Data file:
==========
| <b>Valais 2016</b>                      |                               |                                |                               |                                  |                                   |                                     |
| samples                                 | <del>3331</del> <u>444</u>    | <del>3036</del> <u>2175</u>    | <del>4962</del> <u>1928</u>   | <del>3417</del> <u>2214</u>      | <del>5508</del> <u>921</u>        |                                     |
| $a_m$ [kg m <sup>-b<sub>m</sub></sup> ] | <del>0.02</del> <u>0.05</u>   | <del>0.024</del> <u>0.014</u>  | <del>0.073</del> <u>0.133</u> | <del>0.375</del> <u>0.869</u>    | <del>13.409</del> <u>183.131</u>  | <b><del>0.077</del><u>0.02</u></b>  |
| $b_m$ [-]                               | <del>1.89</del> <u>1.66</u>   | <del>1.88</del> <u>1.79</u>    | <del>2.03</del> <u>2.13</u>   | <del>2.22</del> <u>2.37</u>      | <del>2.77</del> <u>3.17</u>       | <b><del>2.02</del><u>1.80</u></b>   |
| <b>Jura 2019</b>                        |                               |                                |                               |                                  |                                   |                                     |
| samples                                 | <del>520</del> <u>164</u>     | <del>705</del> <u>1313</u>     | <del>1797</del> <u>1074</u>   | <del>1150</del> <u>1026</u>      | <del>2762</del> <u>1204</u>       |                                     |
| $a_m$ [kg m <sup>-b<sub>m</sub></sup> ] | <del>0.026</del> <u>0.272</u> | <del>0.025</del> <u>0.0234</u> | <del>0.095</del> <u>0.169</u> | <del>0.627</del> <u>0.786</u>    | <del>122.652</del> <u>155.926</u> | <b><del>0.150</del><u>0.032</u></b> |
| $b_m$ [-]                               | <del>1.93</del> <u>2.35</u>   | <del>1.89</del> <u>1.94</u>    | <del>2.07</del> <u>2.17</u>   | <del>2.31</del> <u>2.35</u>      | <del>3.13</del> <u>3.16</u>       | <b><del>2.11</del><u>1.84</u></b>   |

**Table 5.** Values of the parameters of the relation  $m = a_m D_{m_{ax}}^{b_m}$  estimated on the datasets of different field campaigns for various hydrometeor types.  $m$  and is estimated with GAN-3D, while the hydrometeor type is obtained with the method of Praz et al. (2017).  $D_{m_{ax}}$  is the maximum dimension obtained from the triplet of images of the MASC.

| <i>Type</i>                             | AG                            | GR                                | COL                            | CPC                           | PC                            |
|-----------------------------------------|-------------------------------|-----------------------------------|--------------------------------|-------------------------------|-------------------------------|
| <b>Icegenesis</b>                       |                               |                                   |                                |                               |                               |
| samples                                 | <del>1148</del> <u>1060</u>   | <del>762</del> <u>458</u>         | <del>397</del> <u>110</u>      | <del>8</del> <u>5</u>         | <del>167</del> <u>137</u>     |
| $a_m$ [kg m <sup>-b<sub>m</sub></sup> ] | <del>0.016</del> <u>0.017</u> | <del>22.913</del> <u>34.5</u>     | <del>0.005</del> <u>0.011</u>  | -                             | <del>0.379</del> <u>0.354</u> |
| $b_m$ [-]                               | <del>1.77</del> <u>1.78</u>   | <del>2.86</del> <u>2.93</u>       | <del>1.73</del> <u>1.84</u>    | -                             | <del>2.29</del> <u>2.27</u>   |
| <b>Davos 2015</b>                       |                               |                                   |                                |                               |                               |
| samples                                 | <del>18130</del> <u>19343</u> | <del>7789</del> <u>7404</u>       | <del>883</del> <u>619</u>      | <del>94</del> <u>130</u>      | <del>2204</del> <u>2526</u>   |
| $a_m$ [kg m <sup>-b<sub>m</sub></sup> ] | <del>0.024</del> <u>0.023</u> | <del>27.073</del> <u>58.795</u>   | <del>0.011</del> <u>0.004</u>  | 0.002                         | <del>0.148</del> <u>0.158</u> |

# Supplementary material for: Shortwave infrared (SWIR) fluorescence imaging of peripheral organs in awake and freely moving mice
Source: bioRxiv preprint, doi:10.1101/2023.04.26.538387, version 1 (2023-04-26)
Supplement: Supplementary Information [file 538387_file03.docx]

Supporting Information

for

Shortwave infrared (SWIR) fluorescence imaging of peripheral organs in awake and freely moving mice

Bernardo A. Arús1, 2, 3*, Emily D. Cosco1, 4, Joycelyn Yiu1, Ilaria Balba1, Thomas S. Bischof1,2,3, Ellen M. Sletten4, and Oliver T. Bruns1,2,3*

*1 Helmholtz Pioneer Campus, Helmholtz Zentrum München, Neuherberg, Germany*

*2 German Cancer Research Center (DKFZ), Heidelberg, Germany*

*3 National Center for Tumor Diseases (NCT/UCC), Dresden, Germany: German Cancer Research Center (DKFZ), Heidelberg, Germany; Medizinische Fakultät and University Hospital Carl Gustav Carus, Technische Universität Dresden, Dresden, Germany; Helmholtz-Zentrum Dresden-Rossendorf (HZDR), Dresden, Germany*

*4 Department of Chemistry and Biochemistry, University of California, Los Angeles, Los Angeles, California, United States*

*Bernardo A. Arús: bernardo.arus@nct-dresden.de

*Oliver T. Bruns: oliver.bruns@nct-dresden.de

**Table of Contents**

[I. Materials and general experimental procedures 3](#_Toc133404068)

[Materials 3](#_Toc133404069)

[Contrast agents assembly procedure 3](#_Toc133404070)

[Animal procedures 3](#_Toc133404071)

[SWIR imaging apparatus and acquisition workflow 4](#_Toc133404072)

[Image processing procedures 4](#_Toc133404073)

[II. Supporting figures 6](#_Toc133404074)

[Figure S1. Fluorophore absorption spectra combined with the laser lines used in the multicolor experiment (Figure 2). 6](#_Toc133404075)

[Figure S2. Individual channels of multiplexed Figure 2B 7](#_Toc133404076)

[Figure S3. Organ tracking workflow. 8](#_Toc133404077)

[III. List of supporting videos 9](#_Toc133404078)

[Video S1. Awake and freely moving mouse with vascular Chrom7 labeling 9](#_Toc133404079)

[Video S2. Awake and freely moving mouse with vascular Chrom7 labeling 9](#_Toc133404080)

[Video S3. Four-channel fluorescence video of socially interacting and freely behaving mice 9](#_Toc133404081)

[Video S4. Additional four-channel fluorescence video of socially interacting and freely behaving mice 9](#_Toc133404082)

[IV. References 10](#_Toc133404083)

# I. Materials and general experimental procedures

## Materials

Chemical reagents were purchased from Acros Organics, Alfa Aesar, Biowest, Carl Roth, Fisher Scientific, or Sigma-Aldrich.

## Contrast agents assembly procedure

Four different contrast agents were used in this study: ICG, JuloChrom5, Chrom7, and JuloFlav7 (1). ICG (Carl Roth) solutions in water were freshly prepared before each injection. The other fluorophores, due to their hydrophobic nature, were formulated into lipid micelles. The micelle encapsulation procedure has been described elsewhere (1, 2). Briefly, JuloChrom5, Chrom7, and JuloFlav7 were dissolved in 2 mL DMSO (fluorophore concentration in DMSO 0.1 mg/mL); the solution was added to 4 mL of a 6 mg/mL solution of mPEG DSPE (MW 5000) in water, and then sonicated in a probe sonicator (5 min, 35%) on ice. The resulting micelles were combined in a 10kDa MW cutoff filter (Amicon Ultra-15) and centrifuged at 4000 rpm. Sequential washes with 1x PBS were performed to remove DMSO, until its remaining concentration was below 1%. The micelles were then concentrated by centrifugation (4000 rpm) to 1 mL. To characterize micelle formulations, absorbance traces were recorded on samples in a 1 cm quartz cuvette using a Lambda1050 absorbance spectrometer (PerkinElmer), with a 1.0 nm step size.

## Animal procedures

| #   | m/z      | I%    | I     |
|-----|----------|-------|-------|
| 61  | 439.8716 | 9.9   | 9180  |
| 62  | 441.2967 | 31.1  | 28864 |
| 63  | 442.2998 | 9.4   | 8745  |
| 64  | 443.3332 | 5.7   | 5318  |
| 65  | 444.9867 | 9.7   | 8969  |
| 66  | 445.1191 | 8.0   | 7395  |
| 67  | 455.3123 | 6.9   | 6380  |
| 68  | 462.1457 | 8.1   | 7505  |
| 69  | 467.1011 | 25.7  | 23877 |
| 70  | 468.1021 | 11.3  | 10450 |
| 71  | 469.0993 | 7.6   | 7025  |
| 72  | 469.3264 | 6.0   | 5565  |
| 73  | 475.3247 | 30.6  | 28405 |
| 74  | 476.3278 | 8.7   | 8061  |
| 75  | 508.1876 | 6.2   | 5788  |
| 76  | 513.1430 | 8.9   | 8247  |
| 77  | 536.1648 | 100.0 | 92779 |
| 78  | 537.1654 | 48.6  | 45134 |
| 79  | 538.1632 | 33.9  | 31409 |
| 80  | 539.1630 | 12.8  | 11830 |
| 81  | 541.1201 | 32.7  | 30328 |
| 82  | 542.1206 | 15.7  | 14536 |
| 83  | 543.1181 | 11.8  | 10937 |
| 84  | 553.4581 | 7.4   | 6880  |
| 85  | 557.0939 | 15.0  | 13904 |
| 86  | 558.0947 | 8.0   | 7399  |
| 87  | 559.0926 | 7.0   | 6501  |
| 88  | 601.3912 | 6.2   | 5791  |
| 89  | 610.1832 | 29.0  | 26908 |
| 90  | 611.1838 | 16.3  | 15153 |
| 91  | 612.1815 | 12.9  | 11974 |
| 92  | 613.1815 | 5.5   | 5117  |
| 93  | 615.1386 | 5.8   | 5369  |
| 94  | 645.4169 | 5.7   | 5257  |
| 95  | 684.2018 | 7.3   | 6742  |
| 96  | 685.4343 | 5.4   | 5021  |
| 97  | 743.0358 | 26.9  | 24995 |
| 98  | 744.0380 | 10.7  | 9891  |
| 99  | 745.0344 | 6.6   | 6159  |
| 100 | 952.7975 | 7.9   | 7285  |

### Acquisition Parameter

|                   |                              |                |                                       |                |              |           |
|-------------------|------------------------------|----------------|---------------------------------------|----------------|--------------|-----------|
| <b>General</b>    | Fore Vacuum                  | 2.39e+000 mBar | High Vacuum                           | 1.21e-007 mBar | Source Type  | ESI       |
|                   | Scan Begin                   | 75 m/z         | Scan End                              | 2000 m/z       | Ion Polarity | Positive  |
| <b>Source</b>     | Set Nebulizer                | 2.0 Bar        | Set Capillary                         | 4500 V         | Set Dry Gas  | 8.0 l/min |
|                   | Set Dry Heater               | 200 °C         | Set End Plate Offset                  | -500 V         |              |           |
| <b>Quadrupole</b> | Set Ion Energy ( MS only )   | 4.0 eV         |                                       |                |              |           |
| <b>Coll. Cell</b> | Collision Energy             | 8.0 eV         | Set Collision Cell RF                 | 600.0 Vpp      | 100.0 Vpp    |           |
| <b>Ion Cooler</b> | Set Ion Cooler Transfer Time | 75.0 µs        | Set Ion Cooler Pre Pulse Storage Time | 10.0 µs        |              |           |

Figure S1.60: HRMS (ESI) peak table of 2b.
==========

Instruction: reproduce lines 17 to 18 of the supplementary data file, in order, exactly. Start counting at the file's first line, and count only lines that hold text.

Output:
| samples                                 | <del>18130</del> <u>19343</u> | <del>7789</del> <u>7404</u>       | <del>883</del> <u>619</u>      | <del>94</del> <u>130</u>      | <del>2204</del> <u>2526</u>   |
| $a_m$ [kg m <sup>-b<sub>m</sub></sup> ] | <del>0.024</del> <u>0.023</u> | <del>27.073</del> <u>58.795</u>   | <del>0.011</del> <u>0.004</u>  | 0.002                         | <del>0.148</del> <u>0.158</u> |